Double Mommy is another Canadian-produced Lifetime film.  This one is a bit of a spiritual cousin to Double Daddy.  Like Double Daddy, Double Mommy starts with a high school party, ends with the arrival of two babies, and finds the time to include some homicide in between.  It’s also something of a class drama, with the rich being very evil and the middle class being very saintly and the lower class being pretty much nonexistent.

In Double Mommy, Jess (Morgan Obenreder, best known to readers of the site for playing Charisma Carpenter’s daughter in Bound) is pregnant with twins, a boy and a girl.  However, she’s not sure who the father is.  She wants the father to be Ryan (Griffin Freeman), her perfect boyfriend.  But she suspects that the father might be Brent (Mark Grossman), Ryan’s former best friend.  One night, while Ryan was away, Brent gave Jess a drink.  He said it was nonalcoholic and the can said “Cola.”  But the way the camera lingered on that can before Jess actually drank it, everyone watching the movie knew that it was drugged.  Jess has only vague memories of the rest of the night but she knows what happened.

A paternity test reveals that one twin was fathered by Ryan and the other by Brent!  At this point, I said, “So, which one is going to be the evil twin!?”

Well, the film never really got around to answering that question.  Instead, it focused on the attempts of Brent’s rich father (Bruce Boxleitner) to pay Jess and her family off.  It turns out that Jess is not the first girl that Brent has raped and his father has been covering up for him.  Jess is determined to expose Brent as a rapist.  Jess hangs banners at school.  She posts Brent’s picture on social media.

Let’s give Double Mommy credit where credit is due.  In the characters of Brent and his father, the film makes a point about how one generation enables the bad behavior of another and how misogyny can be passed down from father to son.  Furthermore, Jess never allows herself to simply be a victim.  She’s a fighter who never apologizes for standing up for herself and who, most importantly, never blames herself for the rape.  But, with all that in mind, Double Mommy would have been so much better (and certainly more empowering) if Jess had gone all Ms. 45 or I Spit On Your Grave on Brent’s ass.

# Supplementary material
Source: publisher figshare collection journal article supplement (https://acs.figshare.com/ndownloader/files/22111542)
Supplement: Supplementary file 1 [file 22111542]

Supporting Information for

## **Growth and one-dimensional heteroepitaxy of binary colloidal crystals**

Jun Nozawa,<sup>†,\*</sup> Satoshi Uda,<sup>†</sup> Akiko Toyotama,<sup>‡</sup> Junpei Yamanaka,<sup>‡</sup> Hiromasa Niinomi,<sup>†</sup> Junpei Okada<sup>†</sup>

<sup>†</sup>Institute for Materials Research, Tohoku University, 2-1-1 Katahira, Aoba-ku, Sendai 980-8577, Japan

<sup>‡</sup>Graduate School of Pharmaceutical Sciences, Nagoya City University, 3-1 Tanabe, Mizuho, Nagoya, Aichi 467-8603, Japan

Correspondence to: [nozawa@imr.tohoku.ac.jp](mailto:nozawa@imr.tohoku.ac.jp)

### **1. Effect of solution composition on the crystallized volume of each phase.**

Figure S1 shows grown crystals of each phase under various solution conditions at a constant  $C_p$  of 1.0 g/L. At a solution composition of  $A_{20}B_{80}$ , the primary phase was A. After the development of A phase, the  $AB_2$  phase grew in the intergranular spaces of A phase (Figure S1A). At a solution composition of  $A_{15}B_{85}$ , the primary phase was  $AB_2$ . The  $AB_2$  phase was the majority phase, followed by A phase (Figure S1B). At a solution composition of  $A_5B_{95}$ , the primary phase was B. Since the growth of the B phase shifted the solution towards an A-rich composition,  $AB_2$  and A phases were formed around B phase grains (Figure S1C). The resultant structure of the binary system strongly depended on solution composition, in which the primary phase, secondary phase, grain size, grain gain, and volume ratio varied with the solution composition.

I mean, it’s true that, as a result of Jess’s efforts, Brent loses a scholarship and gets booed at a soccer game.  That’s all good but Brent was such a loathsome character that he deserved much worse.  If there’s ever been a character in a Lifetime film who deserved to be locked in a cage and beaten until he confessed to his crimes, it was Brent.  After an hour of Brent smirking, bragging, and drugging, I was ready to see Jess pick up a gun and blow his head off while uttering a priceless one-liner.  Instead, Brent just got embarrassed and eventually ended up running around with a gun of his own.  What could have been an empowering little revenge flick turned into a typical Lifetime movie.

That said, the film was well-acted and nicely put together.  Mark Grossman turned Brent into a disturbingly familiar villain.  (We’ve all known a Brent.)  I just wish the film had gone a bit further in giving Jess her revenge.

 

Musical Sequence of the Day: “You Never Can Tell” from Pulp Fiction


With the passing of Chuck Berry, today’s musical sequence of the day is a bit of a no-brainer.  This scene, from 1994’s Pulp Fiction, is already one of my favorite dance scenes and, today, it takes on a special poignance.

It’s funny.  Whenever there’s a montage of classic dance scenes, we always get at least a few seconds of John Travolta and Uma Thurman dancing at Jack Rabbits Slim.  In fact, I’ve seen this dance featured in so many montages that it’s easy to forget which song they were originally dancing to.  I’ve seen this scene scored with everything from Sinatra to punk to Britney Spears to EDM.  And, every time, it’s worked beautifully.

But really, “You Never Can Tell” is the perfect song for this scene.  Pulp Fiction is so many thing that I think people sometimes forget that, at heart, it’s truly a celebration of Americana.  Seeing John Travolta and Uma Thurman dancing to Chuck Berry serves to remind us of this fact.